The Oxfordshire Digital Inclusion Project Report
This report summarises findings from the 2020 Oxfordshire Digital Inclusion Project, which studied the digital assistance provided in Oxfordshire County Libraries. Public libraries are trusted, accessible community spaces that people rely on to cultivate relationships, exchange ideas, and learn. Today, libraries provide essential access to digital equipment, services, and skills training. They are vital bridges across the digital divide.
Libraries on the Front Lines of the Digital Divide: The Oxfordshire Digital Inclusion Project Report
The impetus for this project grew out of observing the realities of the day-to-day digital offering in libraries. With more and more essential services going online, many people are turning to libraries to help them access e-government platforms, banking, and employment opportunities, among other daily activities.
This is a critical time to revisit and re-evaluate how to deliver digital inclusion and assess digital skills because we are entering an era of compulsory computing.3 People do not have a choice about whether to “go online” or not. Many employers accept only online job applications, and the government’s “digital by default” agenda means government services are increasingly accessible only online. As a result, people are compelled to use digital devices and the internet in order to participate in everyday life. This is a very different environment from the digital world that existed even a decade ago. In this context, governments should be obligated to ensure that citizens can access and understand the digital world while recognising the complexity and challenges of the digital world that people of all levels of digital fluency encounter today.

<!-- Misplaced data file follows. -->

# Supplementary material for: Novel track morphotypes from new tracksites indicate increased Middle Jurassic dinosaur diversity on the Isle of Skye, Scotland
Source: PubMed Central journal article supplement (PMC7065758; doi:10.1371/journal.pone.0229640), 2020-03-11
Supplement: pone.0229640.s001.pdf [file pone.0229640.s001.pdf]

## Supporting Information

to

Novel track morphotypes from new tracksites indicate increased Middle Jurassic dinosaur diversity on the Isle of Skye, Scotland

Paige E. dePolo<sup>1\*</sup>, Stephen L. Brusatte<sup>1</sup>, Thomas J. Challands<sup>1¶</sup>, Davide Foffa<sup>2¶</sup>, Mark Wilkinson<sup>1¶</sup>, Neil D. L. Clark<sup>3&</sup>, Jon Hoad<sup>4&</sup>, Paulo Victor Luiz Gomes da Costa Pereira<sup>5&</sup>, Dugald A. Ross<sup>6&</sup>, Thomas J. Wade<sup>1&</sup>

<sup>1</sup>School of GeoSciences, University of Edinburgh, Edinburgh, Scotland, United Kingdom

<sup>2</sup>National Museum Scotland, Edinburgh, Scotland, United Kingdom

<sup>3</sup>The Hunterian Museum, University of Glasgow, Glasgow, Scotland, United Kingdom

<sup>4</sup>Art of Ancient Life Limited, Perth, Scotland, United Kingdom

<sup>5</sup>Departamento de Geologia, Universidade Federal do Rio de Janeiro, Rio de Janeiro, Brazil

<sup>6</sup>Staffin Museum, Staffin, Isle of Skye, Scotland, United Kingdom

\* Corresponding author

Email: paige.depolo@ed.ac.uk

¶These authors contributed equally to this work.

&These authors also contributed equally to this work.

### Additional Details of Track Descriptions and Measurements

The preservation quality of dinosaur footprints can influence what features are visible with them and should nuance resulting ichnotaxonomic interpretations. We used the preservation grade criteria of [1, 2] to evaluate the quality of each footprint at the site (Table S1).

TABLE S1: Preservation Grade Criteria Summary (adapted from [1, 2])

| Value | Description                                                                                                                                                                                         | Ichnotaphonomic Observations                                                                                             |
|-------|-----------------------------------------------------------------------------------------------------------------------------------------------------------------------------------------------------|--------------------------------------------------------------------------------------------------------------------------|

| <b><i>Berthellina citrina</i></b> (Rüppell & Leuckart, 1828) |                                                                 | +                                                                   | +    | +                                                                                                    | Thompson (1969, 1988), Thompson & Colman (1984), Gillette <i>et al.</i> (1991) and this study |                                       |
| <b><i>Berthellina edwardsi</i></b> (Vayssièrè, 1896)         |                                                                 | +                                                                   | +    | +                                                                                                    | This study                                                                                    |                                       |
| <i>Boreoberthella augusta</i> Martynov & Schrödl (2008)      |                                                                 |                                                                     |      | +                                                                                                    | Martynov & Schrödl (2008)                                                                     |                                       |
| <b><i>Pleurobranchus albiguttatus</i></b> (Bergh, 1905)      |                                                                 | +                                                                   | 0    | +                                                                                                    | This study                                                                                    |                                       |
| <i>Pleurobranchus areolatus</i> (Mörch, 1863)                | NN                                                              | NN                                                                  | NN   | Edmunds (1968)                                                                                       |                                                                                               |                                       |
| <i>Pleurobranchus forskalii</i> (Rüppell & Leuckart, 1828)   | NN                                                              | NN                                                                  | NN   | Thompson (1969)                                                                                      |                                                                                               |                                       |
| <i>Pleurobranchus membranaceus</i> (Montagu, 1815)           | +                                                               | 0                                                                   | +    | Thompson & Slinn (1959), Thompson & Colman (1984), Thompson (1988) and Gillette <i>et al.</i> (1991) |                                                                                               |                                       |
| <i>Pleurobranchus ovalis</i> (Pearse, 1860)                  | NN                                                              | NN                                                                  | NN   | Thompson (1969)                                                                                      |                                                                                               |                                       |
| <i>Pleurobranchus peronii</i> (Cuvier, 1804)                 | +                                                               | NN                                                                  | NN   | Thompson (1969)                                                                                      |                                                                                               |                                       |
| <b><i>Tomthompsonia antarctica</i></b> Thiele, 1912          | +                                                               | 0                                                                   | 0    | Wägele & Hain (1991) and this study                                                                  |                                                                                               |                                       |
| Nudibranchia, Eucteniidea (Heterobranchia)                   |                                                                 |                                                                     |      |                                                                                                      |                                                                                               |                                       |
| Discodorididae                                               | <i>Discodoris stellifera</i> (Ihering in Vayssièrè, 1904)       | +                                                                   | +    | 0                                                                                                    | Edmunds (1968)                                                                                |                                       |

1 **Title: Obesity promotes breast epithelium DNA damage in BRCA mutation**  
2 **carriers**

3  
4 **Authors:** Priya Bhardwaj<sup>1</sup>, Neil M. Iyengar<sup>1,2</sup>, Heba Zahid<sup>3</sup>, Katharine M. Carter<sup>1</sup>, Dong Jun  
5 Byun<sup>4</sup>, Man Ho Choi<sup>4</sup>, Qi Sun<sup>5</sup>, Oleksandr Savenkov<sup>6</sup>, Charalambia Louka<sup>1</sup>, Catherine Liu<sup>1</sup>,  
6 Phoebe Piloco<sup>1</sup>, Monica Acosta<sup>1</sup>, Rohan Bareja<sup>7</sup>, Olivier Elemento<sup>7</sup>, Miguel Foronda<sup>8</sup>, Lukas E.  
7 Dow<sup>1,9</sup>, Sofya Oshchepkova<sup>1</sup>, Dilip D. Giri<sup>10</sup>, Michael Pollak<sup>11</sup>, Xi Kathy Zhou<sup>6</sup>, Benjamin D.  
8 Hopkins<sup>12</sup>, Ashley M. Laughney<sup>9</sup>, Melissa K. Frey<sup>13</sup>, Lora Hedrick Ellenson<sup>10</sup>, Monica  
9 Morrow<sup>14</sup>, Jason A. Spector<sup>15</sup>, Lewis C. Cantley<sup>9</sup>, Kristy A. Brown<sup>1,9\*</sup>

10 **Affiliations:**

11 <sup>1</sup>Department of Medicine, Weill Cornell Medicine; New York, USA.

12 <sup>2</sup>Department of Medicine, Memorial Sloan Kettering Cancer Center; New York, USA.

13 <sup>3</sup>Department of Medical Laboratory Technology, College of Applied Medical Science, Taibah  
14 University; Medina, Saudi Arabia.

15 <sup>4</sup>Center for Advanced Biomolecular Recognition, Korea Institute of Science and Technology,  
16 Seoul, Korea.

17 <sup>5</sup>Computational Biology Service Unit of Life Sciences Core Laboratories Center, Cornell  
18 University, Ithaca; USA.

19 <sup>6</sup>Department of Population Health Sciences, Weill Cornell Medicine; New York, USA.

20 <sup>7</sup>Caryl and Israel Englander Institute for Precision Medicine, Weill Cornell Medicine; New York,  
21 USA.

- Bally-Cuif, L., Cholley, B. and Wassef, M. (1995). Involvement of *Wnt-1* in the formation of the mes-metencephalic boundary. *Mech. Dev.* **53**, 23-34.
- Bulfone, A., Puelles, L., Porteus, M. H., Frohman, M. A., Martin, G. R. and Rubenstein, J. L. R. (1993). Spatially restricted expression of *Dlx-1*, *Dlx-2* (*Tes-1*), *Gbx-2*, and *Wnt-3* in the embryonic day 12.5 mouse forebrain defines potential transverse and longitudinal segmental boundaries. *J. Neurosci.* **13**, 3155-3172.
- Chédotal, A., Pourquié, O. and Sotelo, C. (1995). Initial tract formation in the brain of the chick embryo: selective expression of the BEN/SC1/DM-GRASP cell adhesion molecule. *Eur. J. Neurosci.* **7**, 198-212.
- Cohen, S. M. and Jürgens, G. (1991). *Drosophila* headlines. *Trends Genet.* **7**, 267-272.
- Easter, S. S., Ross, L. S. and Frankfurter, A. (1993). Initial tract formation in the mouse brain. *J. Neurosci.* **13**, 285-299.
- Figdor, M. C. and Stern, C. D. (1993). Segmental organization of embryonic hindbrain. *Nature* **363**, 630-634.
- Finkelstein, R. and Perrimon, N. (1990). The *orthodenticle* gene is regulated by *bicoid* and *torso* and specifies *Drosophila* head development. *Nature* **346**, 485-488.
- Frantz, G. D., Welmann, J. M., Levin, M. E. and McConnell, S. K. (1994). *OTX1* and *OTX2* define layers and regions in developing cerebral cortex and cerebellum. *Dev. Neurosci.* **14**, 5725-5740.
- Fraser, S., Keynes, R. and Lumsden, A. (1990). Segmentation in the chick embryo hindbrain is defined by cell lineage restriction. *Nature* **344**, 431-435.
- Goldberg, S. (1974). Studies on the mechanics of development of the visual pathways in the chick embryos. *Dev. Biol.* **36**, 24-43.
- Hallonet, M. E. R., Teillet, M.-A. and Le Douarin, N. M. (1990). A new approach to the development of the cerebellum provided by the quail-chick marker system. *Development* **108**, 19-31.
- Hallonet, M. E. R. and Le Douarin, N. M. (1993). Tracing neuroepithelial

The UK Government’s digital strategies papers have consistently labelled public libraries as primary providers of digital access, training and support for local communities. But despite their prominence in public policy agendas, libraries are chronically under-resourced and under- appreciated sites of stop-gap digital help to people living in digital poverty. Staff reported spending up to 50% to 70% of their time addressing digital help requests. In the 2019-2020 year, digital helper volunteers provided over 800
hours of digital assistance in Oxfordshire Libraries, but library staff reported that this volunteer provision was not at all sufficient to meet the level of need.
In this report, we present findings from our research in the Oxfordshire County Libraries, focused on two themes:
(1) Exploring the day-to-day role libraries are playing in our digital world;
(2) Understanding the lived experience of digital exclusion, through observations and data on library computer users and digital help seekers.
Based on our findings about who uses libraries for digital needs and what libraries are doing to address those needs, we make several recommendations about how to better address digital exclusion and to enable libraries to fulfil the role they are already performing:
(1) There is a need to improve the digital skills of library staff, meaning that staff need to be digitally fluent themselves in order to address the high volume of digital help requests from customers;
(2) Government and local councils must recognise and support what libraries deliver with funding to hire more staff, acquire more hardware, and support a digital learning volunteer programme that can supplement staff expertise and time;
(3) We need to shift the focus of digital inclusion agendas from digital skills to digital wellbeing, meaning that any digital inclusion programme should be embedded in a wider social inclusion agenda because digital marginalisation is often bound up with other forms of social, economic, geographic, and educational marginalisation;
(4) Libraries must work to increase community outreach and awareness of the services they offer by reaching out to communities that might not know about their offerings, making libraries true community hubs for a diverse set of users.
Download the full report (PDF):
Thanks to Katy Dawkins for the report design (katydawkins.co.uk).